The reason why there are all these rules around generosity is because the Buddha wants to preserve the free choice involved in the gift. But, in giving, you learn not only the lesson of the fact of free choice. You also learn the lessons that come from watching your internal dialogue over how to give up a particular object, how to give up the sum of money that it costs to buy something or how to give up the time that you could use for something you want to do, and instead you make a gift of that to someone else to help them—or when you give your energy or you give of your forgiveness in situations where it’s hard.
That internal dialogue where you can talk yourself into doing the right thing in these cases is a good exercise for the mind, because after all, as you get the mind into meditation, you’re going to have to be giving up a lot of other things that, again, are within your rights to hold onto. You have the perfect right to sit here and think lustful thoughts for an hour, or angry thoughts for an hour, but then what would you gain? The mind would get even more lustful, get even more likely to be angry. You’d shorten your fuse. But once you learn to give these things up of your own free will and learn how to talk yourself into putting them down and letting them stay down, you’ve learned an important skill. This is one of the reasons why generosity is so essential throughout the practice.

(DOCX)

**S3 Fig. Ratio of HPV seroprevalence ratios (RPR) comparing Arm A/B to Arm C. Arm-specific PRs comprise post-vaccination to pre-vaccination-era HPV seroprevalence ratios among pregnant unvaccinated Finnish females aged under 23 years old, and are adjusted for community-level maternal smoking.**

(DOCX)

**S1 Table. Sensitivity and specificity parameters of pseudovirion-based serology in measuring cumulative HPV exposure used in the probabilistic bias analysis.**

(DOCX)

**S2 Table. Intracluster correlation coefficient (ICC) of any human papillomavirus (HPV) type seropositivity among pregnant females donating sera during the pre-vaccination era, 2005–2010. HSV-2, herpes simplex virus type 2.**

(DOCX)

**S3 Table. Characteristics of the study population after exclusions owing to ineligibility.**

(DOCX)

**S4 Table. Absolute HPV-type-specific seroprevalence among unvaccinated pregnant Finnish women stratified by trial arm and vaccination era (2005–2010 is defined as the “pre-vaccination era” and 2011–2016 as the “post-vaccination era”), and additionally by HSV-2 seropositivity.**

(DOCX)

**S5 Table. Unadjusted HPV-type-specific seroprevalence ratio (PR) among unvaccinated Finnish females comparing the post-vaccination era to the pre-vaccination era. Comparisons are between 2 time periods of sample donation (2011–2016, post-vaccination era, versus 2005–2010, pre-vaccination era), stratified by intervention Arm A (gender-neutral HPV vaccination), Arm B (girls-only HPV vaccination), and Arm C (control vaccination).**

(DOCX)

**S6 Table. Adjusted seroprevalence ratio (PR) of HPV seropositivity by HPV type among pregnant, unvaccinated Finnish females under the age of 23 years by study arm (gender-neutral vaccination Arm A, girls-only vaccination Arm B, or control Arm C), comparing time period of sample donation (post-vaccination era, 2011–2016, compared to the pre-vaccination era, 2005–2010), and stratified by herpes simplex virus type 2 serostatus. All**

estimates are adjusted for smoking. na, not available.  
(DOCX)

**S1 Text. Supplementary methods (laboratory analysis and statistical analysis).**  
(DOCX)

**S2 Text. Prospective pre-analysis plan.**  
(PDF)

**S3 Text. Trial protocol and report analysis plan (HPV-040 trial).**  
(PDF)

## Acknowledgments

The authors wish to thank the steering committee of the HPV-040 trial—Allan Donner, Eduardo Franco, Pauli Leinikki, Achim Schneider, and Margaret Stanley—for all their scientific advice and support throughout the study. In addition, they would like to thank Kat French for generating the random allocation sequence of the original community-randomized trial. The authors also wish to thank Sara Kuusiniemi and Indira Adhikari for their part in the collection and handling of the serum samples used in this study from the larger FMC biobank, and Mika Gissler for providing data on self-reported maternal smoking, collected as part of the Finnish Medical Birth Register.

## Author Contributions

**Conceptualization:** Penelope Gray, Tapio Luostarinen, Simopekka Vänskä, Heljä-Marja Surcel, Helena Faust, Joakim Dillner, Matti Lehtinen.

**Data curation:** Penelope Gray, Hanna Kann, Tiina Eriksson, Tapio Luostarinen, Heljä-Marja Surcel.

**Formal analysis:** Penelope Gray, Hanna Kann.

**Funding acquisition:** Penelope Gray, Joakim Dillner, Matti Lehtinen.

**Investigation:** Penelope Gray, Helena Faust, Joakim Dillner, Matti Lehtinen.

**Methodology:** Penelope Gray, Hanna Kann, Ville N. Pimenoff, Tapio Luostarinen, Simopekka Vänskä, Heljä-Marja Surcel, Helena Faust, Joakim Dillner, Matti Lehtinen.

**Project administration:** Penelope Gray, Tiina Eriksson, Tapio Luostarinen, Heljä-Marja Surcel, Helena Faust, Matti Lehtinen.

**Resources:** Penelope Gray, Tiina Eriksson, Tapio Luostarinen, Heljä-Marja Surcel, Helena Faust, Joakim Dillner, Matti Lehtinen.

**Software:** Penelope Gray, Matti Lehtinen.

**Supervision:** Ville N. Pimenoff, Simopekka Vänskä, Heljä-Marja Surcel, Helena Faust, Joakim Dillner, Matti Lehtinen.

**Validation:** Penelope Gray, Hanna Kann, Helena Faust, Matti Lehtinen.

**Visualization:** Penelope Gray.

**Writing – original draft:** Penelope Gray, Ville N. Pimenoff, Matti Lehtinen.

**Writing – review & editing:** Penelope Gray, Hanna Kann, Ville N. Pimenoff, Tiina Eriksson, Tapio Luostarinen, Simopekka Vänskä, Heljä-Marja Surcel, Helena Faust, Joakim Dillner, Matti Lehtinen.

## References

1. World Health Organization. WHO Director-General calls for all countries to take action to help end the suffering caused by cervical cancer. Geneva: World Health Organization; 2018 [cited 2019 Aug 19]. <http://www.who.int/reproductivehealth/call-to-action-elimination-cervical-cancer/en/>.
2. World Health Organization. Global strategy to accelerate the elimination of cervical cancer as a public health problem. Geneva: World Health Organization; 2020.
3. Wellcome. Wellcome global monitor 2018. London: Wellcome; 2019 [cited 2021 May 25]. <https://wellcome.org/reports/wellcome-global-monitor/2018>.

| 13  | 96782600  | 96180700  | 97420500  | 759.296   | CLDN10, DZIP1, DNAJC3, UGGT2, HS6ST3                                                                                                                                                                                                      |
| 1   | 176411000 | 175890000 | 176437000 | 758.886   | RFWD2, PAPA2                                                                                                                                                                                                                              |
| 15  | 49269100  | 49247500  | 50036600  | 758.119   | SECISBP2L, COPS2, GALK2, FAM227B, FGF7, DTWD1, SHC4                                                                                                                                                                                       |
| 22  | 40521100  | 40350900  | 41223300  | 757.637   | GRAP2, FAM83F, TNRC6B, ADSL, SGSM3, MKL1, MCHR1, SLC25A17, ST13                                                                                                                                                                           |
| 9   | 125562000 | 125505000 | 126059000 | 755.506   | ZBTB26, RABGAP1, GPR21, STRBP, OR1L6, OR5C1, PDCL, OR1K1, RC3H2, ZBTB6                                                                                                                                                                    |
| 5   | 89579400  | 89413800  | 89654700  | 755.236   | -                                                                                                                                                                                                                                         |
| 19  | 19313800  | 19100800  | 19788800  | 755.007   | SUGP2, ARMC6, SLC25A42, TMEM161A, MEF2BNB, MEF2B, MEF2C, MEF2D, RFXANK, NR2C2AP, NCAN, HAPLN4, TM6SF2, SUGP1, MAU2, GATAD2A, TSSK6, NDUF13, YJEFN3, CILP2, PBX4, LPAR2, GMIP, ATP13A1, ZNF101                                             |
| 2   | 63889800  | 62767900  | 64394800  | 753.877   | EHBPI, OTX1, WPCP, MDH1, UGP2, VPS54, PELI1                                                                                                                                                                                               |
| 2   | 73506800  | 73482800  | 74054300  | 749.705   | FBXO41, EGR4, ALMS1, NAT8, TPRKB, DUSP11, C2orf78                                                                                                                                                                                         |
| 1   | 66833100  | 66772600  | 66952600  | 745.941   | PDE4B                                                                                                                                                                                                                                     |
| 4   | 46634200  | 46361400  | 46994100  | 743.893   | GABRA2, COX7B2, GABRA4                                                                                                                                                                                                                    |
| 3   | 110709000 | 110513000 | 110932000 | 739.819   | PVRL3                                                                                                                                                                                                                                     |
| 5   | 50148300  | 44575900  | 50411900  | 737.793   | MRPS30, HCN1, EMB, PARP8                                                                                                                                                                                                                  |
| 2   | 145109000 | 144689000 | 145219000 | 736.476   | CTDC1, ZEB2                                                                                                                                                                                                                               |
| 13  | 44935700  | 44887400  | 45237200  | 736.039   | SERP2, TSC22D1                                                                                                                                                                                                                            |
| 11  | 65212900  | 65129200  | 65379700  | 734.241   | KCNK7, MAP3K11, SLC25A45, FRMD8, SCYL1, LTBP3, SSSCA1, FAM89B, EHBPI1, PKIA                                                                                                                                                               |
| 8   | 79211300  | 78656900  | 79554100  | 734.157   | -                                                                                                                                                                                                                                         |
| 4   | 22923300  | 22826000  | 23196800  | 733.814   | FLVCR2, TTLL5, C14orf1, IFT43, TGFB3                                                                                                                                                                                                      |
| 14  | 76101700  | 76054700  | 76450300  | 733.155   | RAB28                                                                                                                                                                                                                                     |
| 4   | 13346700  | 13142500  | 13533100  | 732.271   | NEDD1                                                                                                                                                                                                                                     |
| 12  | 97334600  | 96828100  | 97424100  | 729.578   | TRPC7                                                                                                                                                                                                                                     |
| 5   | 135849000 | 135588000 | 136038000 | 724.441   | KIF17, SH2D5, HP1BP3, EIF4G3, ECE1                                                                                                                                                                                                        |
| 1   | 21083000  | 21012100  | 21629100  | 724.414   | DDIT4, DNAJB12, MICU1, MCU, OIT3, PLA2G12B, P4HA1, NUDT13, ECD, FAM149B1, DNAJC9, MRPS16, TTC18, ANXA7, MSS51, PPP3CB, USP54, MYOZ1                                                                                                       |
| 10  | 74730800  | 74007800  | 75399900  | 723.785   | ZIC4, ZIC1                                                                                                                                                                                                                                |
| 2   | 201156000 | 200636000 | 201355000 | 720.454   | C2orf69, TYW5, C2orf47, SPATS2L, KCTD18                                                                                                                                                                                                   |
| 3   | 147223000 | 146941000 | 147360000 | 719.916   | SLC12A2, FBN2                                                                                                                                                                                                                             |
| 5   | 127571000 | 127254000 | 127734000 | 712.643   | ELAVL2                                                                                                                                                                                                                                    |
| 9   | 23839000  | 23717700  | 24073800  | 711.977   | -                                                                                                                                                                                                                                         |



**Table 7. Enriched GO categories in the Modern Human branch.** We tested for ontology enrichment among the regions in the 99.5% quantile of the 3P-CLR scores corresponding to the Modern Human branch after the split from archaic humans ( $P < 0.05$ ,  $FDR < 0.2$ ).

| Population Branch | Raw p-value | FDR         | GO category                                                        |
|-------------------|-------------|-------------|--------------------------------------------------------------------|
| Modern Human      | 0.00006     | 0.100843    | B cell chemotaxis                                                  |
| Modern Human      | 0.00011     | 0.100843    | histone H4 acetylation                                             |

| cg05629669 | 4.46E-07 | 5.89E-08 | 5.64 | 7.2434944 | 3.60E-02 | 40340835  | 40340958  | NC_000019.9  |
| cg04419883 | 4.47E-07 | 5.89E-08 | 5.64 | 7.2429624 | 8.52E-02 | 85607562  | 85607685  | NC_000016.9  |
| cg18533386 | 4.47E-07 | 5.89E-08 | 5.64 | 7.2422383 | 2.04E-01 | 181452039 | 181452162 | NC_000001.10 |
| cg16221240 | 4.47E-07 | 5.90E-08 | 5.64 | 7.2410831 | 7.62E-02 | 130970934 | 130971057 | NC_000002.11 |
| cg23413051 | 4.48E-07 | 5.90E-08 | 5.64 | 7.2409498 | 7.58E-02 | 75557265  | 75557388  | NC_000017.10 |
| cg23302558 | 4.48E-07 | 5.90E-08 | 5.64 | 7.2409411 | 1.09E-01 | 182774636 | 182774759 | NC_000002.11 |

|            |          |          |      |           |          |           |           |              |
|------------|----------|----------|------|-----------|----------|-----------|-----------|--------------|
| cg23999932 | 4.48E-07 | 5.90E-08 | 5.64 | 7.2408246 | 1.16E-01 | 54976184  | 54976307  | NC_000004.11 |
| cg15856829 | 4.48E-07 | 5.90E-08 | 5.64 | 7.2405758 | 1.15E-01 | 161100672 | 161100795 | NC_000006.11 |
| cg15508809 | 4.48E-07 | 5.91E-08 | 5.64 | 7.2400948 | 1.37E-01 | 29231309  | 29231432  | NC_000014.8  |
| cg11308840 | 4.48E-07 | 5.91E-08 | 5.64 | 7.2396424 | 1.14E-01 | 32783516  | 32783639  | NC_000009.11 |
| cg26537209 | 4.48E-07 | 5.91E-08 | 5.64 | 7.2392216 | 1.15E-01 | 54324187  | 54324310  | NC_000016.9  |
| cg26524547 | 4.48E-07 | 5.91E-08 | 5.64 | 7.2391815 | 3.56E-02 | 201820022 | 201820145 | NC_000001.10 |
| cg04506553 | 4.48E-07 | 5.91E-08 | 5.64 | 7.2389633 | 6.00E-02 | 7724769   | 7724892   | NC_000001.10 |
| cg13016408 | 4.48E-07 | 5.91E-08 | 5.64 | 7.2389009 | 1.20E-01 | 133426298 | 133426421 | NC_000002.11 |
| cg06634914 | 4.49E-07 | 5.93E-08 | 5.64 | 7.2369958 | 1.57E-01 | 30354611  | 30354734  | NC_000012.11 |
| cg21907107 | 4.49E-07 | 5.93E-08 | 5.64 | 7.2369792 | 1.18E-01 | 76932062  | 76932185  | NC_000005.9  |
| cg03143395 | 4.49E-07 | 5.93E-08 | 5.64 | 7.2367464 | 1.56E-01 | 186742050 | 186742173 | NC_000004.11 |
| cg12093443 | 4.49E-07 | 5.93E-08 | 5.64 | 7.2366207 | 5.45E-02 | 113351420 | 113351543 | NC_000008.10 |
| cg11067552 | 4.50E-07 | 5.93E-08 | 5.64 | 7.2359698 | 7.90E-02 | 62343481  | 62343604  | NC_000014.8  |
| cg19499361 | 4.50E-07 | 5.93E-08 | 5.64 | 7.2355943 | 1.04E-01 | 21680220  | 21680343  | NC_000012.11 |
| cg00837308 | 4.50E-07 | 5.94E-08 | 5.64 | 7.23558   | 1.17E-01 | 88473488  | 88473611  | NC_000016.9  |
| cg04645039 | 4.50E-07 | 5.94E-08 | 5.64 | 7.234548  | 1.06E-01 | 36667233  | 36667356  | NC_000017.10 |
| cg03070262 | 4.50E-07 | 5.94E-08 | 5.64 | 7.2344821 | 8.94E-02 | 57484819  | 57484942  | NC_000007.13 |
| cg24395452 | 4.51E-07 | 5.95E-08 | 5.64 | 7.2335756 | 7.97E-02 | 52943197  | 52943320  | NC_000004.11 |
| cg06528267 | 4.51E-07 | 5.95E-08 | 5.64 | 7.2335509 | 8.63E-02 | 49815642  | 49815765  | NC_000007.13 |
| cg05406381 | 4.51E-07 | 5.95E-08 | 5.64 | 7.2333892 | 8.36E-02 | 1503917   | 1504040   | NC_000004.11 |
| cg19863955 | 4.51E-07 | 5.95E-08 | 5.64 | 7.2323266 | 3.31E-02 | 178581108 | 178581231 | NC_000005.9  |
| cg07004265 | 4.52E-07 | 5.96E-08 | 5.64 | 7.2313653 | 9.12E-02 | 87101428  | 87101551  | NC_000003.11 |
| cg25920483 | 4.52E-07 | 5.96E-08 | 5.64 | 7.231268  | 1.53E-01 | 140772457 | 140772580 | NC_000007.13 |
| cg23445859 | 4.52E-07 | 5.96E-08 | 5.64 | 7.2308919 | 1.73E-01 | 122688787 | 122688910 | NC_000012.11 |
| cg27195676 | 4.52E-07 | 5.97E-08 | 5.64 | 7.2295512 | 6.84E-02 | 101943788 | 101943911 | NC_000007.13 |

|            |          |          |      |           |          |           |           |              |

Luang Pu Dune used to like to say that the whole practice is one thing all clear through, from the beginning to the very end. It’s all about letting go. Well, letting go requires an internal dialogue, where the good side of your nature takes charge over the greedier or more narrow side of your nature so that you can develop the goodness that’s required for the Dhamma—so that you can actually understand and see the Dhamma, experience the essence of the Dhamma.
So look at your opportunities to be generous as opportunities to see and understand the Dhamma, to practice the internal dialogue that’s needed in areas where you discover you’re more attached than you thought you were. Certain things you can give away and it’s no big deal, but certain of your defilements, certain types of greed or aversion, things you really like, you’re really attached to: You tend to identify yourself around them—“This is the way I am and it’s going to take a long time for me to change”—that kind of attitude. If you haven’t learned how to be generous, it’s going to be hard to give up these things that are even stickier, where the attachment goes even deeper.
So it’s good to make a practice of generosity so that you can begin chipping away and learning the skills you need to give up the things you have a perfect right to keep, but are really not in your own best interest to keep. You’d be much better off letting them go.